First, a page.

Among many books critical of social media use, Digital Minimalism is a very accessible and useful read. It synthesizes just enough research and anecdotal examples to be convincing and then offers well-reasoned recommendations for how to choose a more intentional approach to internet-based media consumption.
Compared to his previous few books, Newport does a better of job of collecting a diversity of voices in his reportage, which strengthens the book’s arguments and its accessibility to a wider audience. By emphasizing intentionality rather than a more ideological argument about life purity or economic extortion, Newport offers a big tent for folks to choose to discard the more insidious aspects of smartphone app design, while finding and optimizing for the specific ways platforms can provide value.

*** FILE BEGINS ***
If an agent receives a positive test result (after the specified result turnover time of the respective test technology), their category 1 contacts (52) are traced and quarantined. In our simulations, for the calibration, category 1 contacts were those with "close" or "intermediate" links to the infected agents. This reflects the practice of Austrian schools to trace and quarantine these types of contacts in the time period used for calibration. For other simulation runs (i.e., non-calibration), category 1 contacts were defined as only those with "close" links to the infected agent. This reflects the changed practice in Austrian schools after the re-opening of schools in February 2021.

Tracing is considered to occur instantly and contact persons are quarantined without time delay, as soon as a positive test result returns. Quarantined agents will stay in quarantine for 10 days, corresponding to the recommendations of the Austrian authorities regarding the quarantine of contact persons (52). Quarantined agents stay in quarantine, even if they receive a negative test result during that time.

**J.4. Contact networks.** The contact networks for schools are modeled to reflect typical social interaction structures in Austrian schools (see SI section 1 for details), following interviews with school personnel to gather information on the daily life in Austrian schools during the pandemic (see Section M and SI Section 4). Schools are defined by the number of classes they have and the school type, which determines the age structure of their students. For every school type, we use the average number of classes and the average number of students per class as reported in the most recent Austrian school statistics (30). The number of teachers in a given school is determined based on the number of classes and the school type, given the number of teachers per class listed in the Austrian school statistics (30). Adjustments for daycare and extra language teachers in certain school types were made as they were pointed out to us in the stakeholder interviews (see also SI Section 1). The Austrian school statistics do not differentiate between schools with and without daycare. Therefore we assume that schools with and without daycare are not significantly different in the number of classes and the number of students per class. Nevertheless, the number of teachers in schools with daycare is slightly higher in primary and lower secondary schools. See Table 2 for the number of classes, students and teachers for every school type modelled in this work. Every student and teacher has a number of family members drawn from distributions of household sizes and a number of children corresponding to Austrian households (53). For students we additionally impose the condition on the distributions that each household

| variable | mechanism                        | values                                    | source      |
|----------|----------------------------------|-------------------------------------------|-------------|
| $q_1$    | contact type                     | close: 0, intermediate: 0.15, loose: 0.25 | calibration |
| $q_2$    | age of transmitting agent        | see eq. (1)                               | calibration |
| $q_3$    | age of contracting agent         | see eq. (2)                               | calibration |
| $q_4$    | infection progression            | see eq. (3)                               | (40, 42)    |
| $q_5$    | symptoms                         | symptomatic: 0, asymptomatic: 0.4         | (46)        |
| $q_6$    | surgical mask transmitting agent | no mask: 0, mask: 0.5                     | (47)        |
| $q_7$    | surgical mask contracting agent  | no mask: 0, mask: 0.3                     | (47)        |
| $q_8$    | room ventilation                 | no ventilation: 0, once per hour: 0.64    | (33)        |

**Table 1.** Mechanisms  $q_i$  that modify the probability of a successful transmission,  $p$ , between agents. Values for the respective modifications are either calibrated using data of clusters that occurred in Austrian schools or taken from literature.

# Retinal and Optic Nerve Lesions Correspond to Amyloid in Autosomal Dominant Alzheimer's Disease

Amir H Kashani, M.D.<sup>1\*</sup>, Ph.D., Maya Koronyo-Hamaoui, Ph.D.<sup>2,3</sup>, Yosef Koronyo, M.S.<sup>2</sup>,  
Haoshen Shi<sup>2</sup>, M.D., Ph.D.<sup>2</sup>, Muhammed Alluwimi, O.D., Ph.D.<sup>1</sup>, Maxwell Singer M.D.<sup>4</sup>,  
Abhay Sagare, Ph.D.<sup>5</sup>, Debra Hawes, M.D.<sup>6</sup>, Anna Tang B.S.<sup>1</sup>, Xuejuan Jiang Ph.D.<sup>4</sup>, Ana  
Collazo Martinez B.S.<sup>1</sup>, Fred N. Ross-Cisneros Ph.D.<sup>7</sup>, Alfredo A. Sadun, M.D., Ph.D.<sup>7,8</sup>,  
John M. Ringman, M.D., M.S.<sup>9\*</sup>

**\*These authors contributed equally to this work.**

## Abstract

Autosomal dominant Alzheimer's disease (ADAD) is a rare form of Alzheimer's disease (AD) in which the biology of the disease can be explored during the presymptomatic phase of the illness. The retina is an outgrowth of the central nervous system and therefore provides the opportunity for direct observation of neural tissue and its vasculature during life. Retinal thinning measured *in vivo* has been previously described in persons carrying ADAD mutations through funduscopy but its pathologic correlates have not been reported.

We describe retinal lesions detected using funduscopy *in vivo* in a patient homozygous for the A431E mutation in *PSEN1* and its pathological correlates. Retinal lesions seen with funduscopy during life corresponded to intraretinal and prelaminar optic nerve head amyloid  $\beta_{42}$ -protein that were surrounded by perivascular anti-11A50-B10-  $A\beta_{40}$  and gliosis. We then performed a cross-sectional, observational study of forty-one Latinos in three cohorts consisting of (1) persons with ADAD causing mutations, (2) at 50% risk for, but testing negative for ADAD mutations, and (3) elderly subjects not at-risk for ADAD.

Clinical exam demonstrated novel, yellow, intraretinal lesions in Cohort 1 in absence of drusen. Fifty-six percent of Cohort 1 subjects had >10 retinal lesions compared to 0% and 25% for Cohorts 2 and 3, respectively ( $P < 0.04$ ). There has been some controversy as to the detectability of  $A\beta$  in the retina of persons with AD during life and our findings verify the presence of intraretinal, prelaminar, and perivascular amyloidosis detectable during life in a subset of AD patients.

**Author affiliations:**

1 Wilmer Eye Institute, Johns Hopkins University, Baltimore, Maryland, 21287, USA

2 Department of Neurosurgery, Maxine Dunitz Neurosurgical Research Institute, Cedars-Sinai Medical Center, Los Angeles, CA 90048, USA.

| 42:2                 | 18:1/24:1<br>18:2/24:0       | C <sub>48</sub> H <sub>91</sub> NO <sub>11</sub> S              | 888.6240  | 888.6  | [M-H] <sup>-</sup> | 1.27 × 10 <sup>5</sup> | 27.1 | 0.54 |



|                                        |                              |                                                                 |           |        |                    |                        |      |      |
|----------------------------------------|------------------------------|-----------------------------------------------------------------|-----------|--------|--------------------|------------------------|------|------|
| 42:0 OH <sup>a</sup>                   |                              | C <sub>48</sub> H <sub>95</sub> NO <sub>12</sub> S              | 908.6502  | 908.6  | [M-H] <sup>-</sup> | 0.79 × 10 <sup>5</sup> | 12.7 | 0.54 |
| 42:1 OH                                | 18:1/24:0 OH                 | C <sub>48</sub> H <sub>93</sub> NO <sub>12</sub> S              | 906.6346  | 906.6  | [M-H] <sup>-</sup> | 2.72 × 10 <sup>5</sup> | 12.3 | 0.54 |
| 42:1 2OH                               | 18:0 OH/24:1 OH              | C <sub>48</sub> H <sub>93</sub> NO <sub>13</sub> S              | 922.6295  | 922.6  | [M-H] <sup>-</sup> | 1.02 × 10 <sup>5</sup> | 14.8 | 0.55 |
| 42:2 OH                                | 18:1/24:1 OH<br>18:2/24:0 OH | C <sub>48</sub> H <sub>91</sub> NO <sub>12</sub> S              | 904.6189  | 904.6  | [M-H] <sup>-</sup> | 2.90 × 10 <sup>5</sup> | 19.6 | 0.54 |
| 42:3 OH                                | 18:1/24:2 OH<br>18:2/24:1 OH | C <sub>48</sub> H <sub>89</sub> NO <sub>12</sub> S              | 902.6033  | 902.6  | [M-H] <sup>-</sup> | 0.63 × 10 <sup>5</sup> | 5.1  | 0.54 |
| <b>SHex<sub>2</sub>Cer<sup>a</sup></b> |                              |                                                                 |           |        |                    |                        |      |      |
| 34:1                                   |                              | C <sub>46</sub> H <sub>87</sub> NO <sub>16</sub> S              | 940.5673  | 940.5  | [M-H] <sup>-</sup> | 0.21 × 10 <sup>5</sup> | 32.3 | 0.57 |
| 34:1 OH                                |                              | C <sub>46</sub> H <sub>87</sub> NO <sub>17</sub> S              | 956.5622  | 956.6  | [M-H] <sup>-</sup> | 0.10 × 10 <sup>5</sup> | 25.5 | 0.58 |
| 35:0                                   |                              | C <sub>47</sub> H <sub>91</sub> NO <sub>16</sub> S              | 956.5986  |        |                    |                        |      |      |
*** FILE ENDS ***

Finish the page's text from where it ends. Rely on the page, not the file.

To me, the most profound aspect of the digital minimalism philosophy was emphasizing the value of solitude. I had not thought deeply about the idea that humans had evolved to sort through complicated questions during the vast tracts of solitude that were the norm for most of human existence. Solitude has always been a core aid in my work as an academic, but I had not been particularly conscious of it. Now I am seeking out solitude, while also following the advice to reclaim high quality leisure activities, so as to chip away at the perceived value of smartphone use during idle hours.
As a scholar of social media, I am actually embarrassed by how good and useful I am finding Digital Minimalism. I think others will find it useful too.